D.C. United opens its home season with a 1-1 tie. At least the parking was free.

One down, three to go. Now $14 in the hole.

It’s Wednesday, and the Capitals are hosting the Islanders at Verizon Center. There’s no Metro access from the office, so it’s time to drive and look for cheap (read: free) parking. Meters around the arena go until 9:30 p.m. No dice there. But toward the Convention Center, parking is plentiful at no cost after 6:30. Nice.

Still $14 in the hole.

Will Verizon Center have a hot dog and Coke for $8? Not quite. It’s $8.75 for the two. Again, not really enough food for a grown male. And the seat is way up there, Section 402, Row P. Way out of T-shirt launching territory. The only people farther away are the French-speaking folks in the back row. They say something about Ovechkin. Or Jose Theodore. Or Obama. It’s hard to understand them. They’re buying all kinds of food items that look more appetizing than the sad hot dog. La vie est terrible.

Now $22.75 over budget.

On Thursday night, the Wizards take on the Cavaliers. Again, it’s free parking near the Convention Center. And based on the crowd around Gallery Place, it was wise to get a ticket ahead of time. Gil and LeBron put fannies in the seats.

Section 424 Row G, Seat 8. Packed in like sardine next to a guy who smells like a medicine cabinet. The players look like Tolkien characters from up here. This is the area once called “The Hill.” But it’s called the “Penthaus” now, thanks to sponsorship with Volkswagen. That company is everywhere.

The good news is that a hot dog and iced tea are just $8.50, one quarter cheaper than the dog and soda from the previous night. The Medicine Man bought some nachos, which look a lot more satisfying. When the fan crew starts tossing Chipotle burritos into the crowd, its almost too much to take. But the lingering hunger is eventually squelched by the game itself, a back-and-forth Wizards win.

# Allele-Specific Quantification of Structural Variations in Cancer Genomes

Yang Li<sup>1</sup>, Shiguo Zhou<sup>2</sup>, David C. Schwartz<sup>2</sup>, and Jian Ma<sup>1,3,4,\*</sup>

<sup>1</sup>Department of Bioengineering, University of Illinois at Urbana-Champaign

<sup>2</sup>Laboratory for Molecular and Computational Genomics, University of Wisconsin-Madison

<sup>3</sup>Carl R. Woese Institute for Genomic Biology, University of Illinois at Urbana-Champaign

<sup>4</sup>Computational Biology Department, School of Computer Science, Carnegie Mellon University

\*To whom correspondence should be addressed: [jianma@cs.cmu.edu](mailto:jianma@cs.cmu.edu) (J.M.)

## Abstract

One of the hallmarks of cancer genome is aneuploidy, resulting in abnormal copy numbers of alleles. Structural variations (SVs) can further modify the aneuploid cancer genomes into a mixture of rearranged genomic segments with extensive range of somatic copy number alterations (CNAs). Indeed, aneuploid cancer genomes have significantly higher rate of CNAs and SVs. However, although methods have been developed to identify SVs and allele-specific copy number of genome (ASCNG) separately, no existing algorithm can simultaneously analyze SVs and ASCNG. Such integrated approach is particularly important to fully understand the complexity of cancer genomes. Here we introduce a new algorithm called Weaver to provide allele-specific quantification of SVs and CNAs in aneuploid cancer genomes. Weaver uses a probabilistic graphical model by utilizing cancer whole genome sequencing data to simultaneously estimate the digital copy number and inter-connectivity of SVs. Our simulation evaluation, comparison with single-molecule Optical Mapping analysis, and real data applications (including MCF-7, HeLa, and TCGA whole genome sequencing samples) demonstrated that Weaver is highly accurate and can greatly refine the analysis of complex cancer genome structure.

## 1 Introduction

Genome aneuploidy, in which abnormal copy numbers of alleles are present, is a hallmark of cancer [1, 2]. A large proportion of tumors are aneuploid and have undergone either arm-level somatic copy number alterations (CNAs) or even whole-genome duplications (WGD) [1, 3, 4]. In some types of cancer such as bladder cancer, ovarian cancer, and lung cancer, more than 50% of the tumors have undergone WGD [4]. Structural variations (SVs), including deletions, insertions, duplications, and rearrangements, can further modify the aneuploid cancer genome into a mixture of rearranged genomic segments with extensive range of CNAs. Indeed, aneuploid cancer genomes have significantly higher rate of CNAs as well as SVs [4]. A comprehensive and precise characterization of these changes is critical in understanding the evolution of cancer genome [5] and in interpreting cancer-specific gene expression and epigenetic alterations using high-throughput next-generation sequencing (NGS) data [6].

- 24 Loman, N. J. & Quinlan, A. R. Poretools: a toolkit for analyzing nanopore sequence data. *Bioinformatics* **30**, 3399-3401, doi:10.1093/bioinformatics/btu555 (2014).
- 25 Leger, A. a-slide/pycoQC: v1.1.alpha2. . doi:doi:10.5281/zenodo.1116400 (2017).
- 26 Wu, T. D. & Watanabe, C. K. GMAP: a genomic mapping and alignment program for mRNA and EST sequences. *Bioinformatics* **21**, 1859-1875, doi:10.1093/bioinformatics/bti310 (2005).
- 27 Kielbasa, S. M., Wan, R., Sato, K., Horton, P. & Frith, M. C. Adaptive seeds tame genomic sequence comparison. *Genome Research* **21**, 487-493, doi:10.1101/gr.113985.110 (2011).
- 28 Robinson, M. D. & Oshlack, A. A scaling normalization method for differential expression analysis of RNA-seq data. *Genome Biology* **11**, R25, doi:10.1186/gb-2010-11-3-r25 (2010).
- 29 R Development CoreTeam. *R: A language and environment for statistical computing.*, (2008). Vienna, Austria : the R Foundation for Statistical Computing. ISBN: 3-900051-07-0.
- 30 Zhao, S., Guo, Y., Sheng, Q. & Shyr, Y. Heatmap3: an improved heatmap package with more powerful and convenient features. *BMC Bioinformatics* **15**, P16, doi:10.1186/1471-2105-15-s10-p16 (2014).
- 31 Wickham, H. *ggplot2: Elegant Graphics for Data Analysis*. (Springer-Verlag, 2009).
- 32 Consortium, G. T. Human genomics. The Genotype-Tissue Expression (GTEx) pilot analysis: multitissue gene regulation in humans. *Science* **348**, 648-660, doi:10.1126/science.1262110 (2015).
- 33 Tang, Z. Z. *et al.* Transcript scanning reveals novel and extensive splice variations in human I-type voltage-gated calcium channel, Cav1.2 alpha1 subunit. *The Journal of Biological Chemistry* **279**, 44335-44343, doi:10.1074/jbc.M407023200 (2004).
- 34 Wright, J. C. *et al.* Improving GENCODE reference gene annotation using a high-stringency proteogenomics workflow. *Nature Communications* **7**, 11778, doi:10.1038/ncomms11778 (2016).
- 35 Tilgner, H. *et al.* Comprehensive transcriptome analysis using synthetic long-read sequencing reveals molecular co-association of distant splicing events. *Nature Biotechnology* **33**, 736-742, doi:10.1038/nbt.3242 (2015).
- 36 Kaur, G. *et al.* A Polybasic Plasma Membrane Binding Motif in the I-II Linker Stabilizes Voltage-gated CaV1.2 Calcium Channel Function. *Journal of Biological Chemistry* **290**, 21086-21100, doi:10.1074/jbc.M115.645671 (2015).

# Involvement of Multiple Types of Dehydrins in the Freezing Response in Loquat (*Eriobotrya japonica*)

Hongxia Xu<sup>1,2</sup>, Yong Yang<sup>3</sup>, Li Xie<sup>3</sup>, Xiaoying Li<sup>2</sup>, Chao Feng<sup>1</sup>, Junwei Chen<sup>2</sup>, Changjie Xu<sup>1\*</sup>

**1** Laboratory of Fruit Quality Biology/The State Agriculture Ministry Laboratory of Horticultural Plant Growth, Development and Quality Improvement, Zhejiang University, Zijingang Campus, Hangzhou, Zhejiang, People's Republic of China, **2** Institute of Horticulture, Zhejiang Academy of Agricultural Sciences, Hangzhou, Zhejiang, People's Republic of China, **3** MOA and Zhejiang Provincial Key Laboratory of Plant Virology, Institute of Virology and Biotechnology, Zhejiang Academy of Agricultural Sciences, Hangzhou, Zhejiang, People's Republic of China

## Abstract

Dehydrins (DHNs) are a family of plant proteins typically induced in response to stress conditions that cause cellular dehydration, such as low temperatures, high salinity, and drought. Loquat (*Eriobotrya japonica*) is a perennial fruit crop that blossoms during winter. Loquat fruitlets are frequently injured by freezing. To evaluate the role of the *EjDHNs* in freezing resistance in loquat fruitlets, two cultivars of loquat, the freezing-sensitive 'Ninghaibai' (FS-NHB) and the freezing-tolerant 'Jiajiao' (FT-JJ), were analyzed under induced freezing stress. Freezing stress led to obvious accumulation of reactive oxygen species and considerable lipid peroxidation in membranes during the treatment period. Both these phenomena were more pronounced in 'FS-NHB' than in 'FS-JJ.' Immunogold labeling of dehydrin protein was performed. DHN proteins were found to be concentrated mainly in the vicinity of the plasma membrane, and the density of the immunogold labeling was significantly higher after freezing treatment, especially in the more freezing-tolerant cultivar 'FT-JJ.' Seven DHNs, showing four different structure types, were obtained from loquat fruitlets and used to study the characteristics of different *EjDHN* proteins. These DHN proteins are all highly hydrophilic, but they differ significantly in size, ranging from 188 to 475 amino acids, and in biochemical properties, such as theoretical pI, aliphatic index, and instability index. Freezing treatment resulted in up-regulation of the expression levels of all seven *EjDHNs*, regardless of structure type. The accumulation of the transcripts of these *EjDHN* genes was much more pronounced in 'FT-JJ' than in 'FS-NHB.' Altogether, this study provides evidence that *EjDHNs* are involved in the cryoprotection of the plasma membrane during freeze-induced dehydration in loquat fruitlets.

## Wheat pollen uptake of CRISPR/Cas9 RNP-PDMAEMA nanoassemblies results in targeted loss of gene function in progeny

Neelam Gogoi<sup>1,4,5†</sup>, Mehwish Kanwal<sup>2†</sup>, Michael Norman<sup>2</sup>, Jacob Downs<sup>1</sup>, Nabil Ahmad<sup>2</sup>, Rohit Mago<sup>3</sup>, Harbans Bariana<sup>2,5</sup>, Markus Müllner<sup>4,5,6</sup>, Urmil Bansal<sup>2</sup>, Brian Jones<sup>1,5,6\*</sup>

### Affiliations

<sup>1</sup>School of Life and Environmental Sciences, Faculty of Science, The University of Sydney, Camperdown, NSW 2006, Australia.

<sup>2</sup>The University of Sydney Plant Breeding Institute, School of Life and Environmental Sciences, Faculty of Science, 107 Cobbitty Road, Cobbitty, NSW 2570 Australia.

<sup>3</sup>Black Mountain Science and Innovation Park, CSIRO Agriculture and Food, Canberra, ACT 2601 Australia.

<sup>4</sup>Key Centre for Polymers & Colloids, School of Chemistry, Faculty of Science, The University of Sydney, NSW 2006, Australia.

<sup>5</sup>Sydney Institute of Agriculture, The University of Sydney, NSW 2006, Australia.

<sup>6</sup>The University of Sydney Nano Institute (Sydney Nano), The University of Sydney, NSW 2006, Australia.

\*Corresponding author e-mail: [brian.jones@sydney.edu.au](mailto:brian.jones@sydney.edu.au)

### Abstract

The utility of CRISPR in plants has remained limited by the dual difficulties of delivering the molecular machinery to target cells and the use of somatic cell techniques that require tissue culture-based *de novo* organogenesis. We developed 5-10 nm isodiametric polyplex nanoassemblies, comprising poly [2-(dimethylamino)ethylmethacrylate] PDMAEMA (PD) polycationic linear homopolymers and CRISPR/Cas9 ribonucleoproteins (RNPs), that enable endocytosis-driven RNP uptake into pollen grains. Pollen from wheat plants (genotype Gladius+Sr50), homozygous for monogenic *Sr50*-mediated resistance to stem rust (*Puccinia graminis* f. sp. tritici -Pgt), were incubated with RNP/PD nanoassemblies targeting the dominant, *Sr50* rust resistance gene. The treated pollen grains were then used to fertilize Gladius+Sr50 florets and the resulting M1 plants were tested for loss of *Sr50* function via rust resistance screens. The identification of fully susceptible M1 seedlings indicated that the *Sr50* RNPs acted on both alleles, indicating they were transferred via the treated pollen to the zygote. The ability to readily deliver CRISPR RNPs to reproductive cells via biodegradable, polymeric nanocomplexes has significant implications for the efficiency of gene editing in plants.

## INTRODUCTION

The debt has reached $31.25.

On Saturday, the Nationals take on the Orioles in the final exhibition game of the year. It’s a beautiful spring day, and half of the D.C. region is in town to see the cherry blossoms. Parking at the Greenbelt Metro station is free. The trip down to the Tidal Basin costs $2.35. The sight of pink against the blue sky is free. Best value yet, though the pregnant wife pays with a pair of swollen ankles. It’s another $1.35 to get over to the Navy Yard stop in time for the game. Total round-trip Metro cost: $6.05.

Now $37.30 in the hole.

The seats in section 403, Row D are decent for the upper deck of Nationals Park. Nice view of the scoreboard, decent view of the river. And the best news: A hot dog, soda and chips can be had for $7 at the “Nats Dogs” stand. The best deal yet, though a half-smoke from Ben’s Chili Bowl ($6.75) calls like a siren. The stomach growls as the Nats win 4-3.

Final deficit: $44.30.

The $100 experiment is an epic failure, it would seem. But maybe not. Maybe it can be done after all. Break it down: $62 on tickets, then $32.25 on food. Rail fare totals $6.05, and that included an extra trip to see the pretty trees. That’s $100.30. Add the ticket fees and shipping: $144.55. There’s the culprit.

So what are the lessons? Always buy tickets at the box office, even if it’s not convenient to do so. Think outside the box when looking for parking. And eat before the game because a single hot dog just doesn’t cut it.

Consider them lessons learned.

• Tim Lemke can be reached at tlemke@washingtontimes.com.